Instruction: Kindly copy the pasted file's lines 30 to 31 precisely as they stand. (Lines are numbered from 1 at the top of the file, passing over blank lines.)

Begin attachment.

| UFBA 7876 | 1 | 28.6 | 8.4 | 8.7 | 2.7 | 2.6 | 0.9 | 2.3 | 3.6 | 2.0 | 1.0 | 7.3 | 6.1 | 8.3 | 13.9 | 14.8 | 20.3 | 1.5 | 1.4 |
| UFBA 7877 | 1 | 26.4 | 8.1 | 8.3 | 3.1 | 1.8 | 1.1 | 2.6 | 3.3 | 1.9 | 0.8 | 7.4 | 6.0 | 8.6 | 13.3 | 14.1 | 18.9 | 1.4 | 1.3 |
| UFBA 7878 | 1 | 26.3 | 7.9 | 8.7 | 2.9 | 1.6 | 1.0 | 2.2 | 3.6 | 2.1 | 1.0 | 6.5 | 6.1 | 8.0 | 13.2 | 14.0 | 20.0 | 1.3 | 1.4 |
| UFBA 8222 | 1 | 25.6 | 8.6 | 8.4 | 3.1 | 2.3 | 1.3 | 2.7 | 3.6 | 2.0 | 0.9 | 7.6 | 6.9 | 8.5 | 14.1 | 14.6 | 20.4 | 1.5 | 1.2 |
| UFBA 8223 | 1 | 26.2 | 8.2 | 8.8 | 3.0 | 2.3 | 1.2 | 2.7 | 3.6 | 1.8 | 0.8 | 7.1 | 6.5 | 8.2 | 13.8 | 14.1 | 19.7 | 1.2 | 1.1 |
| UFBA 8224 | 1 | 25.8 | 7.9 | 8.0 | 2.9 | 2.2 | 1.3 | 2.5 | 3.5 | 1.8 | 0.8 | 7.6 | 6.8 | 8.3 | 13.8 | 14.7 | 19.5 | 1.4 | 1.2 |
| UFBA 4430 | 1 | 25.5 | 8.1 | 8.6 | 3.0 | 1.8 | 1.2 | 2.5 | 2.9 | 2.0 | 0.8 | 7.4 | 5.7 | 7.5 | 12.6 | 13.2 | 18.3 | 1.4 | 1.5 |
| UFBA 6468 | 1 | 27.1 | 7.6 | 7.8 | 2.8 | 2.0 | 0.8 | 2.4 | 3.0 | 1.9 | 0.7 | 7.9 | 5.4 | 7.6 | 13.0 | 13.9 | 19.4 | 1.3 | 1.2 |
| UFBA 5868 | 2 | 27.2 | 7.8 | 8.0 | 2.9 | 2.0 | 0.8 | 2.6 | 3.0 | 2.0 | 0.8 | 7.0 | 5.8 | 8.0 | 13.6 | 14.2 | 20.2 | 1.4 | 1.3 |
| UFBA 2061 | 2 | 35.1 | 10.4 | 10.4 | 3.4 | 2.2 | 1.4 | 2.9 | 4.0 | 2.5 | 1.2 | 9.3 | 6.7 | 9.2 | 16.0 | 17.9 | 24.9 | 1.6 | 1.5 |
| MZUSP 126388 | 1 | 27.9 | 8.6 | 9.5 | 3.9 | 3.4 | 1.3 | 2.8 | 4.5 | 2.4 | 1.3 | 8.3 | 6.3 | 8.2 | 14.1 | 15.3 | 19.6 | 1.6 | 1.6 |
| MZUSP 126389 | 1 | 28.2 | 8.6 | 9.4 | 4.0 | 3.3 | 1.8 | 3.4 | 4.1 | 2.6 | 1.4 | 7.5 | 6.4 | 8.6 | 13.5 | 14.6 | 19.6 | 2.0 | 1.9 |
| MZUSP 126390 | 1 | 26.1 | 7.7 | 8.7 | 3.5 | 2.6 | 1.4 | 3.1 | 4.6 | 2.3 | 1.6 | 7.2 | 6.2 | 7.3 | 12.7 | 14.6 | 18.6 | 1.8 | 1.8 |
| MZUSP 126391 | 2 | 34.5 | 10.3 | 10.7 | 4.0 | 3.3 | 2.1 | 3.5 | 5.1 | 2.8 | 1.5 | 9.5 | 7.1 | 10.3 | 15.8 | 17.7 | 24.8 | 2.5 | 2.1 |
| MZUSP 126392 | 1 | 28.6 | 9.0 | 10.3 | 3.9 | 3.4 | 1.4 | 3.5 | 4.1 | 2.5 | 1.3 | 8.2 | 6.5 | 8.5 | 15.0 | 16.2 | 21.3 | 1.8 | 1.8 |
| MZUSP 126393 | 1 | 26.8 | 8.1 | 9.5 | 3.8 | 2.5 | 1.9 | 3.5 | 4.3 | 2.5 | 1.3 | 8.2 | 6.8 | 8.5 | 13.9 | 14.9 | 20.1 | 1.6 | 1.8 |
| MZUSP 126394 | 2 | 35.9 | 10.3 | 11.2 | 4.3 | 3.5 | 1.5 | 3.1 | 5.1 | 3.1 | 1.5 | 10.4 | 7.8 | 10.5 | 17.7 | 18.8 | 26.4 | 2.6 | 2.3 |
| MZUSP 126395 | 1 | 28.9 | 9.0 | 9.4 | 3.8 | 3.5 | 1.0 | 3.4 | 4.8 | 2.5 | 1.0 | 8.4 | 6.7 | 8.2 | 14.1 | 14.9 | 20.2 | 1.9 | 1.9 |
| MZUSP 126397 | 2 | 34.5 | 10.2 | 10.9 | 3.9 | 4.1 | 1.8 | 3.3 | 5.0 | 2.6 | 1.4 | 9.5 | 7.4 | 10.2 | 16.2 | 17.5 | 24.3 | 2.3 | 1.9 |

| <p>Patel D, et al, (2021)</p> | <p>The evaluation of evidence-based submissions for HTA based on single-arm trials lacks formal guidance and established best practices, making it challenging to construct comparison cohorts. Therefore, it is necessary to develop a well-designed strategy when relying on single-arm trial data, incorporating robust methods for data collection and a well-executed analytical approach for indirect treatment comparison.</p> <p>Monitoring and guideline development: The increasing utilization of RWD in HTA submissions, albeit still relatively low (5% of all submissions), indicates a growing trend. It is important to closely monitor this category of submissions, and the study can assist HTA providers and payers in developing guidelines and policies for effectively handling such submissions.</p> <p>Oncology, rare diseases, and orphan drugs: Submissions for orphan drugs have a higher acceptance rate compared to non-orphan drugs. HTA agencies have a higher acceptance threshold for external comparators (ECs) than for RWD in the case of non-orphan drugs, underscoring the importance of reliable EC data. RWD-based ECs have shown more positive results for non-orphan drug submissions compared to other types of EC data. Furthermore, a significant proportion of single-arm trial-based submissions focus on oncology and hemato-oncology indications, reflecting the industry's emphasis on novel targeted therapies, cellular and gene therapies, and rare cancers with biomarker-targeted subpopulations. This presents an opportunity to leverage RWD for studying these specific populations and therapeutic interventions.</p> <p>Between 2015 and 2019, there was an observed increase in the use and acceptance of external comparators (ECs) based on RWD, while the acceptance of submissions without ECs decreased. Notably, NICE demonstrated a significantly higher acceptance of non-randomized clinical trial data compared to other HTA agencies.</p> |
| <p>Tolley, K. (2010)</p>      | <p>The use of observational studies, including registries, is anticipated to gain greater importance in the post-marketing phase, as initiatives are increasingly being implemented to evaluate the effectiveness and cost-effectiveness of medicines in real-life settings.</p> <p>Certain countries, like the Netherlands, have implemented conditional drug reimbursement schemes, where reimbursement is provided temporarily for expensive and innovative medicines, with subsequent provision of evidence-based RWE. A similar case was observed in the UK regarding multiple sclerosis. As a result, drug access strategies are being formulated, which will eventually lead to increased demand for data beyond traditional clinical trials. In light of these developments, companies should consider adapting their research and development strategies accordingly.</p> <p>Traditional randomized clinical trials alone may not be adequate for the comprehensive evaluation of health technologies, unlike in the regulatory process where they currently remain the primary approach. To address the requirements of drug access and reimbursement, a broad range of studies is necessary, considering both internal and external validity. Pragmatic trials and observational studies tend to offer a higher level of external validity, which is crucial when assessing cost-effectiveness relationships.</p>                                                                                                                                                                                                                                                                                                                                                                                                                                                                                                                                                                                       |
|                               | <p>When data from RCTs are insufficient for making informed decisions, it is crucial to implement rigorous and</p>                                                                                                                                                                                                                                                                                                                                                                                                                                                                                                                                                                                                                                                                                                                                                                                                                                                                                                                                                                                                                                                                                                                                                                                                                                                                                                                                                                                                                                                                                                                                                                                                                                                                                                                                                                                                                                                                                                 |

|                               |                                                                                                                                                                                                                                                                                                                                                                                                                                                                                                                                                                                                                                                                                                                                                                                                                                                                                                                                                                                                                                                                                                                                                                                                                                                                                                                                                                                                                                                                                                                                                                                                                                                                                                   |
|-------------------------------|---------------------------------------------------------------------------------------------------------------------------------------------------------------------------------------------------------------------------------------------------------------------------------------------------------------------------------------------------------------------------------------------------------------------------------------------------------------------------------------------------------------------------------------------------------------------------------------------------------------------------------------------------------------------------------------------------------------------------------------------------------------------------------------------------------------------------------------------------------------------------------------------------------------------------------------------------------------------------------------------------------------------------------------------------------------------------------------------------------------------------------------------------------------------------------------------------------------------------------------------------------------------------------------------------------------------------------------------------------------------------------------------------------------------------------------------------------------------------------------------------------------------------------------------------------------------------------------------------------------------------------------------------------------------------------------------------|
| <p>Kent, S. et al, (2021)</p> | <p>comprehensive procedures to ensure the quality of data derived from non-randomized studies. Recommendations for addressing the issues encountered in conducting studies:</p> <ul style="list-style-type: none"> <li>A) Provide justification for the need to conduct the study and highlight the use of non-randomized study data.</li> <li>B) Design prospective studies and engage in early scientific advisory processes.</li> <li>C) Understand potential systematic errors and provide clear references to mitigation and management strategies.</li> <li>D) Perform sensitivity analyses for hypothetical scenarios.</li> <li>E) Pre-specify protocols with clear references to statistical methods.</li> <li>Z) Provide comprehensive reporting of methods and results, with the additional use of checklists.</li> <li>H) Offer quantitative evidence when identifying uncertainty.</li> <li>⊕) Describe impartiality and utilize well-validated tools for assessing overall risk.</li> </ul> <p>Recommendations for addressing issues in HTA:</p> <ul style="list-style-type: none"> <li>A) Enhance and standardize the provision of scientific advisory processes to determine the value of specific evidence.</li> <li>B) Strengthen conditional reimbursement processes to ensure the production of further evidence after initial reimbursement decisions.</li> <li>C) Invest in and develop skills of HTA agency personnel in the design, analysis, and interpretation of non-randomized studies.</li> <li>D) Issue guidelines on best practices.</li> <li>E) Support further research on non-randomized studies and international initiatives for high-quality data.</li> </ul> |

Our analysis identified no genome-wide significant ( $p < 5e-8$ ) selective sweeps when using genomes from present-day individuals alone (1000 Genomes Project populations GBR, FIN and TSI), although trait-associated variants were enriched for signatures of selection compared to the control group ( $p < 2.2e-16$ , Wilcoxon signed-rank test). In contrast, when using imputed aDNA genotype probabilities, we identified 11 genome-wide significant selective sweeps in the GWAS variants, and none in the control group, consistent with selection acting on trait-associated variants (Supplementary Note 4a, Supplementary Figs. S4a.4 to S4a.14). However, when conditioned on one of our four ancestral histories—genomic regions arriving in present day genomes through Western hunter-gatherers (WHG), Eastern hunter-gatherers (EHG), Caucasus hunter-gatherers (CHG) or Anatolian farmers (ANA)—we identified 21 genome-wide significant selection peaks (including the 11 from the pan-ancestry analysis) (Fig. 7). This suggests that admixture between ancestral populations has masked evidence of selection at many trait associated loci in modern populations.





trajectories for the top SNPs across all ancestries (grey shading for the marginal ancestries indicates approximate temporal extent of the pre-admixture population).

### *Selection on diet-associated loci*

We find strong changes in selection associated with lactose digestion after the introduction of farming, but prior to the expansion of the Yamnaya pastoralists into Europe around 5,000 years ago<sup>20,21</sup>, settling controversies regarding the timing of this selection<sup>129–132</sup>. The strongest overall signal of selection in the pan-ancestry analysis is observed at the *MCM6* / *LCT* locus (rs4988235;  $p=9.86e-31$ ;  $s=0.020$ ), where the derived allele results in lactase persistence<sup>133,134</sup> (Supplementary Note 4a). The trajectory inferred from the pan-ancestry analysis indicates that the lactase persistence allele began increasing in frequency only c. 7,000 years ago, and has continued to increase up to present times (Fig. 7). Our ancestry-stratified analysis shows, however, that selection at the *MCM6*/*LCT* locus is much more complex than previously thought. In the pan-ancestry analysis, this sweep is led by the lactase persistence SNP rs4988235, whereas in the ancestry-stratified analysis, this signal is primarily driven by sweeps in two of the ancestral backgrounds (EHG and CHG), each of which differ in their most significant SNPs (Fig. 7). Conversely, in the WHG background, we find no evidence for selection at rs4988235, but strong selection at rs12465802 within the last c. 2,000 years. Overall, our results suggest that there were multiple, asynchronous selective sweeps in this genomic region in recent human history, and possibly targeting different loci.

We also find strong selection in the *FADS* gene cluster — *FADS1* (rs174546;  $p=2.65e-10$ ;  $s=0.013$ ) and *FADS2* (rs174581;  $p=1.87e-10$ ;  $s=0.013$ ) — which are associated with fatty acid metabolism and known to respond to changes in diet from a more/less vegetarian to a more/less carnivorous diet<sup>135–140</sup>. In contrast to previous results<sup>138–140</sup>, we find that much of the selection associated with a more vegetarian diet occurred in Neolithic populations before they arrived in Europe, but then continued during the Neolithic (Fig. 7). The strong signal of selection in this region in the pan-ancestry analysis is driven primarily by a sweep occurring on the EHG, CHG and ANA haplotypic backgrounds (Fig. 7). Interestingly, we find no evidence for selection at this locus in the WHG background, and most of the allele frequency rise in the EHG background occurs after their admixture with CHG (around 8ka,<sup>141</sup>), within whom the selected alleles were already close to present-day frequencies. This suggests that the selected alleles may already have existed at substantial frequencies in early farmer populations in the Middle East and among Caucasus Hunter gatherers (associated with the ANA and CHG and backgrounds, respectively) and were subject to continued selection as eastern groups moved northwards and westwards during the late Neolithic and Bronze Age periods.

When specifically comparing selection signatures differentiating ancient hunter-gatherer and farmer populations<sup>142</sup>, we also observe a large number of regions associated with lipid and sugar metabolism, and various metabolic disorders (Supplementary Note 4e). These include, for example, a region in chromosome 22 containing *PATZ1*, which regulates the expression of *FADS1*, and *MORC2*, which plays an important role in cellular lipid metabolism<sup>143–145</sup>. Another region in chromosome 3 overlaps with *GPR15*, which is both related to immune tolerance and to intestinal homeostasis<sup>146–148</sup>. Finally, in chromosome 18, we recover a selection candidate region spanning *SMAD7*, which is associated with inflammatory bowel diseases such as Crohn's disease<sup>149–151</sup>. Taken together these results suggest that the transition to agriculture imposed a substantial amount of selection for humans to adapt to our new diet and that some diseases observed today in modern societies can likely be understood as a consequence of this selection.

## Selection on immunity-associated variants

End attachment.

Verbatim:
We also find strong selection in the *FADS* gene cluster — *FADS1* (rs174546;  $p=2.65e-10$ ;  $s=0.013$ ) and *FADS2* (rs174581;  $p=1.87e-10$ ;  $s=0.013$ ) — which are associated with fatty acid metabolism and known to respond to changes in diet from a more/less vegetarian to a more/less carnivorous diet<sup>135–140</sup>. In contrast to previous results<sup>138–140</sup>, we find that much of the selection associated with a more vegetarian diet occurred in Neolithic populations before they arrived in Europe, but then continued during the Neolithic (Fig. 7). The strong signal of selection in this region in the pan-ancestry analysis is driven primarily by a sweep occurring on the EHG, CHG and ANA haplotypic backgrounds (Fig. 7). Interestingly, we find no evidence for selection at this locus in the WHG background, and most of the allele frequency rise in the EHG background occurs after their admixture with CHG (around 8ka,<sup>141</sup>), within whom the selected alleles were already close to present-day frequencies. This suggests that the selected alleles may already have existed at substantial frequencies in early farmer populations in the Middle East and among Caucasus Hunter gatherers (associated with the ANA and CHG and backgrounds, respectively) and were subject to continued selection as eastern groups moved northwards and westwards during the late Neolithic and Bronze Age periods.

When specifically comparing selection signatures differentiating ancient hunter-gatherer and farmer populations<sup>142</sup>, we also observe a large number of regions associated with lipid and sugar metabolism, and various metabolic disorders (Supplementary Note 4e). These include, for example, a region in chromosome 22 containing *PATZ1*, which regulates the expression of *FADS1*, and *MORC2*, which plays an important role in cellular lipid metabolism<sup>143–145</sup>. Another region in chromosome 3 overlaps with *GPR15*, which is both related to immune tolerance and to intestinal homeostasis<sup>146–148</sup>. Finally, in chromosome 18, we recover a selection candidate region spanning *SMAD7*, which is associated with inflammatory bowel diseases such as Crohn's disease<sup>149–151</sup>. Taken together these results suggest that the transition to agriculture imposed a substantial amount of selection for humans to adapt to our new diet and that some diseases observed today in modern societies can likely be understood as a consequence of this selection.